The gain of limiting CO2 emission in Europe those 10 last years were largely offset by the Asia-Pacific region. Even if Europe becomes carbon neutral in 2050, it won't change anything for the climate.

    As those countries will probably refuse that their population stay poor, we must heavily invest in carbon capture system to offset that.

  15. seeWemm

    In the UK, it looks as if we're going to get eco-destructive onshore wind forced upon us by one means or another. And yet, if we can wait just a few years, how so much better it will be for the environment, when the era of the small modular reactor (SMR) dawns.

    GE Hitachi's BWR-300's commercial operation date (COD) 2028; Rolls-Royce SMR Ltd's UK SMR's COD 2029.

    It would take 6.4 South Kyle-sized onshore wind farms to generate the same amount of electricity each year as a single UK SMR. They would occupy a land area of 155 km², compared to the 0.04 km² site size of the UK SMR (1/3875th).

    But the lifespan of wind farms is only 25 years, whereas the design life of an SMR is 60 years. Those 6.4 South Kyle-sized wind farms would have to be 'rebuilt' 2.4X - a total of 15 South Kyle-sized wind farms. The capital markets would have to come up with £4.8 billion of investment for the wind farms, compared with just £1.8 billion of investment for the R-R UK SMR.

    The super-investability of the UK SMRs will hit investors in the face within a year or two and it is not unrealistic to think that by the end of this decade, SMRs will syphon investment away from dysfunctional wind and solar power plants (WASPPs) when the higher returns become obvious.

    ESG credentials will start to kick in, centred on the microscopic environmental impact of SMRs compared to eco-destructiveness of any of the WASPP technologies.

    1. Lars Silver badge


      I am all for UK SMRs to enable and help the transition out of oil and gas for energy.

      But quoting the Wikipedia it seems the support is rather meager and it's not there yet.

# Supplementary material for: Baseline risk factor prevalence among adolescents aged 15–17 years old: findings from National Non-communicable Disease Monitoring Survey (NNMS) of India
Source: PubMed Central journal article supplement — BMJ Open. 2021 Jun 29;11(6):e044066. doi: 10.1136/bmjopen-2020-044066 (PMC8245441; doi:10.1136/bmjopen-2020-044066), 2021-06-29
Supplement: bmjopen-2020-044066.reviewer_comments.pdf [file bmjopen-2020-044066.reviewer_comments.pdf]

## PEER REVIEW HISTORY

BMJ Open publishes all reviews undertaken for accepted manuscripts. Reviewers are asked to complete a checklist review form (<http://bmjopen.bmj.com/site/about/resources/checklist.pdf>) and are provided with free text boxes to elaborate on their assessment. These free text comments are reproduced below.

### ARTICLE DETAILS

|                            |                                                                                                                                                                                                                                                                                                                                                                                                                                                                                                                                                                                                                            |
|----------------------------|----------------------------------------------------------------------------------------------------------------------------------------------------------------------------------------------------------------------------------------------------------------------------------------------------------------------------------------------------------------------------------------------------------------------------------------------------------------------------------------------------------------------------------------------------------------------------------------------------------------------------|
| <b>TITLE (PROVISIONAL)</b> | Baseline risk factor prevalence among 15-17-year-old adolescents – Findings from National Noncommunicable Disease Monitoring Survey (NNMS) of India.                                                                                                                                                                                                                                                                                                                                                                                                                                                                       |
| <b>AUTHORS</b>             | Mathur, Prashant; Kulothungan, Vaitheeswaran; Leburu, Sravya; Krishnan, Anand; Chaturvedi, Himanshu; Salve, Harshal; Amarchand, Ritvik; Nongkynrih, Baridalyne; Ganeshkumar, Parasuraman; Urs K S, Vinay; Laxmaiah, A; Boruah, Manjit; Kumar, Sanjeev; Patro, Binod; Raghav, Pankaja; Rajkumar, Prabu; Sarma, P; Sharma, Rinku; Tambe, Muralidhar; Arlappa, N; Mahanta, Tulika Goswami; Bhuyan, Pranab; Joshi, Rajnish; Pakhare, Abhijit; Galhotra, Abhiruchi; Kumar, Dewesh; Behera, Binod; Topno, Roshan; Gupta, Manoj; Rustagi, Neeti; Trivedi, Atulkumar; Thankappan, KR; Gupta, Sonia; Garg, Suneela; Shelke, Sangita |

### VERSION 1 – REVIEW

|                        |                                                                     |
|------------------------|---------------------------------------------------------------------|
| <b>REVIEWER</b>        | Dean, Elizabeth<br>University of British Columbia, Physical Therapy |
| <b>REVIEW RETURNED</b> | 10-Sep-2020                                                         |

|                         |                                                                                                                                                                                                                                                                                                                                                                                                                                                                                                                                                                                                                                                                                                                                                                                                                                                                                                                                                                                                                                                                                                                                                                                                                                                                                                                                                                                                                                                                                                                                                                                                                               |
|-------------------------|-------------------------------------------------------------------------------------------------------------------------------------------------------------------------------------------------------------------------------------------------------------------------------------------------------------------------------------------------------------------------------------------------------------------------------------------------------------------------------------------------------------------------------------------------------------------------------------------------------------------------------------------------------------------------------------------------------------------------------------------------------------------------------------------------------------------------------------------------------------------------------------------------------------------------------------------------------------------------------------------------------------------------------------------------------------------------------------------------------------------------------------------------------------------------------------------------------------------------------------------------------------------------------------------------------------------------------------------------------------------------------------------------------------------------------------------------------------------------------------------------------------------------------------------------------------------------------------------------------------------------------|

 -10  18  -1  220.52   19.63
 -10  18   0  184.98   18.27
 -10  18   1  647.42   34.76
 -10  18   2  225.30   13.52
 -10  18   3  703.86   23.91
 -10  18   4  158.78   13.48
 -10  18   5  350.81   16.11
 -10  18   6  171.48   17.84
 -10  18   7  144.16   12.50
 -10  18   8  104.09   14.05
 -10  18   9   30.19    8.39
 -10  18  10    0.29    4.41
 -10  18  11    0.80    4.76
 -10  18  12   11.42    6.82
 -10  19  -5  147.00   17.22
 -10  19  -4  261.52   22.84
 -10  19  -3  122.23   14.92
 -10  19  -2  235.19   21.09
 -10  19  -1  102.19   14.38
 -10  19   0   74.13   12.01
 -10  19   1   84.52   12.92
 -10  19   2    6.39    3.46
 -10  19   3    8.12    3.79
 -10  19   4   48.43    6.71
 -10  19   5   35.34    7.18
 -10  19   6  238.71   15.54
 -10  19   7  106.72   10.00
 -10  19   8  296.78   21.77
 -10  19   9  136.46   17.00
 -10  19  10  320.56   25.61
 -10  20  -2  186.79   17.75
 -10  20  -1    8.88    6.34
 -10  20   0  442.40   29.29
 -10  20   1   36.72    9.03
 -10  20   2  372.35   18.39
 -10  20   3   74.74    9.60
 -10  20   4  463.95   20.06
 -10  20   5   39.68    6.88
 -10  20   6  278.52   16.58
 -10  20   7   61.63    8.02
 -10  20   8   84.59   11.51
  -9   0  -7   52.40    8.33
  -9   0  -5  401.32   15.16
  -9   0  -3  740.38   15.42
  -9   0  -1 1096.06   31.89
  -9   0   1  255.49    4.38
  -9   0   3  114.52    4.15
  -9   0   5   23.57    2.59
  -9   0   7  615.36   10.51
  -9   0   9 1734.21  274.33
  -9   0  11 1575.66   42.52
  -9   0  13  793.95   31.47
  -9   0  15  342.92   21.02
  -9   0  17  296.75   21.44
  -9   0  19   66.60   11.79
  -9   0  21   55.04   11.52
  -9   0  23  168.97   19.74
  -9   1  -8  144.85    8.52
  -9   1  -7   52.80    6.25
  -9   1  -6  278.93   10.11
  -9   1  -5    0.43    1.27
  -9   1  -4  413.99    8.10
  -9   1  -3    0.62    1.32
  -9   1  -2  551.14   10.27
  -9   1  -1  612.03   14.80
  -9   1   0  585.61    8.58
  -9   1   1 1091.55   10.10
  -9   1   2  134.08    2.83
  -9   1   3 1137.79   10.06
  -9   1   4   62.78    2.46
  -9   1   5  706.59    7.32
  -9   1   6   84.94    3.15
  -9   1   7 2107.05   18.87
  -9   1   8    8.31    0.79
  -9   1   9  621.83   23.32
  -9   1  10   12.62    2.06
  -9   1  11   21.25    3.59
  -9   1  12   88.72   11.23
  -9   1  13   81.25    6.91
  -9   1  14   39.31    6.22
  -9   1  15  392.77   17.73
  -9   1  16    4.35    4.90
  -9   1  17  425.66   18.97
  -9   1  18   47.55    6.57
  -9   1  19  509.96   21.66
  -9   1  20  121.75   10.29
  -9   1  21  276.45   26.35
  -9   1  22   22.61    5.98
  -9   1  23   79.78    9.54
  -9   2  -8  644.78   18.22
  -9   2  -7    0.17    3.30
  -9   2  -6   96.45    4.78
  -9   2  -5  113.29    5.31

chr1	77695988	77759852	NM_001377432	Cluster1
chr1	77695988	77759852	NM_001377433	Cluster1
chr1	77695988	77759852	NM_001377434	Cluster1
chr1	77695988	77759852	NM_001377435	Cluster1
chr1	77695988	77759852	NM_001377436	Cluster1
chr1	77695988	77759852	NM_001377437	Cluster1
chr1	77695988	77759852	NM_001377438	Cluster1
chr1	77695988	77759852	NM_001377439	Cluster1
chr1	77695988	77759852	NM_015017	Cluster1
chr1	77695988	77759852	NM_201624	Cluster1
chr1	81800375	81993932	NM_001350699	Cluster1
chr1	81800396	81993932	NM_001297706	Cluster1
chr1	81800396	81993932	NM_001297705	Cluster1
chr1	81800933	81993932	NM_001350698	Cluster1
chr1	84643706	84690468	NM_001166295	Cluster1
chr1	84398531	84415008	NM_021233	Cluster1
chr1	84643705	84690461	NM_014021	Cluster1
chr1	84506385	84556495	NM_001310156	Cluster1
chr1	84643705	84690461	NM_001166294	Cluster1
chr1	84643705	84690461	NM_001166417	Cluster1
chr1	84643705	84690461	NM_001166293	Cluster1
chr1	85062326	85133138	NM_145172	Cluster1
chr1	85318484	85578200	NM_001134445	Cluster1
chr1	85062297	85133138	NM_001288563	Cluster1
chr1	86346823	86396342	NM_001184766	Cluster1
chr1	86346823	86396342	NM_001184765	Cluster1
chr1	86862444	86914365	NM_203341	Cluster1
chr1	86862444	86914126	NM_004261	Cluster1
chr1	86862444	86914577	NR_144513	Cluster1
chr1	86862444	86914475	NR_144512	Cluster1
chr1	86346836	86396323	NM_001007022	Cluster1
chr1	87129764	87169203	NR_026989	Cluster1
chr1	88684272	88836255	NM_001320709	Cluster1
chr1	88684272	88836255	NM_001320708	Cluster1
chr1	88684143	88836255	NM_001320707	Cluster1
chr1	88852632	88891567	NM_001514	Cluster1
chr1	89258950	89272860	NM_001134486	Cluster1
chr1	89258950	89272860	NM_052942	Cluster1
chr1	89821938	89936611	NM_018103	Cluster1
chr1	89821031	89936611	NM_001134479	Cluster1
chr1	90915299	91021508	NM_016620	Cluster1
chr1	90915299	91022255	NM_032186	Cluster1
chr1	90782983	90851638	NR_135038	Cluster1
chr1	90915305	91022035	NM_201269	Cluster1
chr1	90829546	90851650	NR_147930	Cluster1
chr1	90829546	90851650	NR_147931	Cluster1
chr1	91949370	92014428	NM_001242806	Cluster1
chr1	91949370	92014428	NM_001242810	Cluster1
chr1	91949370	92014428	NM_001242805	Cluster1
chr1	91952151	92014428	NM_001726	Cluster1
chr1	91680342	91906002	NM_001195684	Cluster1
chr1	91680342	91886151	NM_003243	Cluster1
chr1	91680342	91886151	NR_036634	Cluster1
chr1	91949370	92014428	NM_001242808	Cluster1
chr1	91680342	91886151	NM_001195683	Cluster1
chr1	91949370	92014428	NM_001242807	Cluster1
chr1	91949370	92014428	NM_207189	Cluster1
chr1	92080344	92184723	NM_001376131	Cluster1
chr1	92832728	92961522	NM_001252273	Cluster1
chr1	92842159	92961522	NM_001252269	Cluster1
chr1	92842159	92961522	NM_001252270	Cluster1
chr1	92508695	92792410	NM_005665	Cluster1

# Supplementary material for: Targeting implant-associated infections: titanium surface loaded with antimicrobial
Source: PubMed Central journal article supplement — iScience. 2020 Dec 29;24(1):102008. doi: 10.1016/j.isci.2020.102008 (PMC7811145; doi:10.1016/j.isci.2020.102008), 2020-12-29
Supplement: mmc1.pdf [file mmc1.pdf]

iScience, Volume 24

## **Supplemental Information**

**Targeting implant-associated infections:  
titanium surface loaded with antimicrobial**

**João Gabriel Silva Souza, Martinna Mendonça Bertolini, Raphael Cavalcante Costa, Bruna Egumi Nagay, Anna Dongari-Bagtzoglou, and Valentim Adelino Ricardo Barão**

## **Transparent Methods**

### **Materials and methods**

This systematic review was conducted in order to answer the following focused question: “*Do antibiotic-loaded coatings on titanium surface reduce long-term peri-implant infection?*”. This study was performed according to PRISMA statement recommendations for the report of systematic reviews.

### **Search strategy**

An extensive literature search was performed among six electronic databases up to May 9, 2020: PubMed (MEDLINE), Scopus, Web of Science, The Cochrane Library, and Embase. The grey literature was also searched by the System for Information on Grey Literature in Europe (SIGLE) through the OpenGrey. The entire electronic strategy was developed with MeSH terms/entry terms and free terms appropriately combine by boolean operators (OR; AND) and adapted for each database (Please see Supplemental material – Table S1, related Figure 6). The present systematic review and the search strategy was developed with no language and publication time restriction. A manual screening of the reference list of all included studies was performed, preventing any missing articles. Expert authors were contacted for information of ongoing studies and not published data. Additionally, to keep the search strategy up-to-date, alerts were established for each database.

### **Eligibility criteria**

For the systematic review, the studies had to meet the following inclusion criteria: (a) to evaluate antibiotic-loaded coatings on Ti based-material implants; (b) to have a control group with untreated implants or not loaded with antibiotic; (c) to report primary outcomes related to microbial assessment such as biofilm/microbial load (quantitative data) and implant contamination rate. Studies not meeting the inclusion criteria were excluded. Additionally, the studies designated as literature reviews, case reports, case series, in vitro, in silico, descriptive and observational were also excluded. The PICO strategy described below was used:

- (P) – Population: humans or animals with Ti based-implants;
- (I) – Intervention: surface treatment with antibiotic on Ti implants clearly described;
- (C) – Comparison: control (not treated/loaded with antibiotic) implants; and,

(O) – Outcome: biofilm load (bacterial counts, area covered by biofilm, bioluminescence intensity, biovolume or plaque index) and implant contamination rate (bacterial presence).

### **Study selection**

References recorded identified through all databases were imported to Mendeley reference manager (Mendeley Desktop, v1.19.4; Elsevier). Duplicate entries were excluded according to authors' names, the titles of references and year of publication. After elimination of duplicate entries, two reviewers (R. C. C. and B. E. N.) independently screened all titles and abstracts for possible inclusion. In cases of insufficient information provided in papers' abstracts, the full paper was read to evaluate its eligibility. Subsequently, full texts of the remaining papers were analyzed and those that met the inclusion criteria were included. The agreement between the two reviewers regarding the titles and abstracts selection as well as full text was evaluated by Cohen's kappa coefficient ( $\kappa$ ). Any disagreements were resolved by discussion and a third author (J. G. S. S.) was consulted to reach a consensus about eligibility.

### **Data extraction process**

"In November 2021, the UK government provided funding of £210 million to further develop the design, partly matched by £195 million of investment by Rolls Royce Group, BNF Resources UK Limited and Exelon Generation Limited.[8][9] At that point they expected the first unit would be completed in the early 2030s.".

  16. codejunky Silver badge


    Green insanity is only mass accepted when we are rich enough to conceal the damage and cost. Without the war the costs were growing beyond acceptable and now there is a little war in eastern Europe suddenly the insanity is much clearer to see, especially when the fear is the lights going out.

    The developed world of rich countries worrying about lights going out. If that isnt insanity go check with your doctor.

  17. yogidude

    Not yet viable.

    Perhaps some assumptions are being made about what speculative capital might be required to make said technology viable?

    Maybe one of the reasons Small Modular Reactors are still not viable is because investment in wind and solar is much cheaper and is not nearly so speculative. Wind and solar doesn't solve the storage problem, but V2G also has a lot of potential as a future storage technology. Most of the internal combustion vehicles on the road today will have been replaced by 2050. If they have been replaced with V2G capable EVs, storage will simply not be an issue by then.

  18. 1752

    Absolute Zero

    Interesting report from UK Fires on what it would take to be absolute zero. It also covers from the UK's point of view is that us (so we export the co2 creation) or in total. It will all be fine of course if we can get unlimted electricity and we don't need boats planes or concrete...

POST COMMENT House rules

Not a member of The Register? Create a new account here.

  • Enter your comment

  • Add an icon

Anonymous cowards cannot choose their icon

Other stories you might like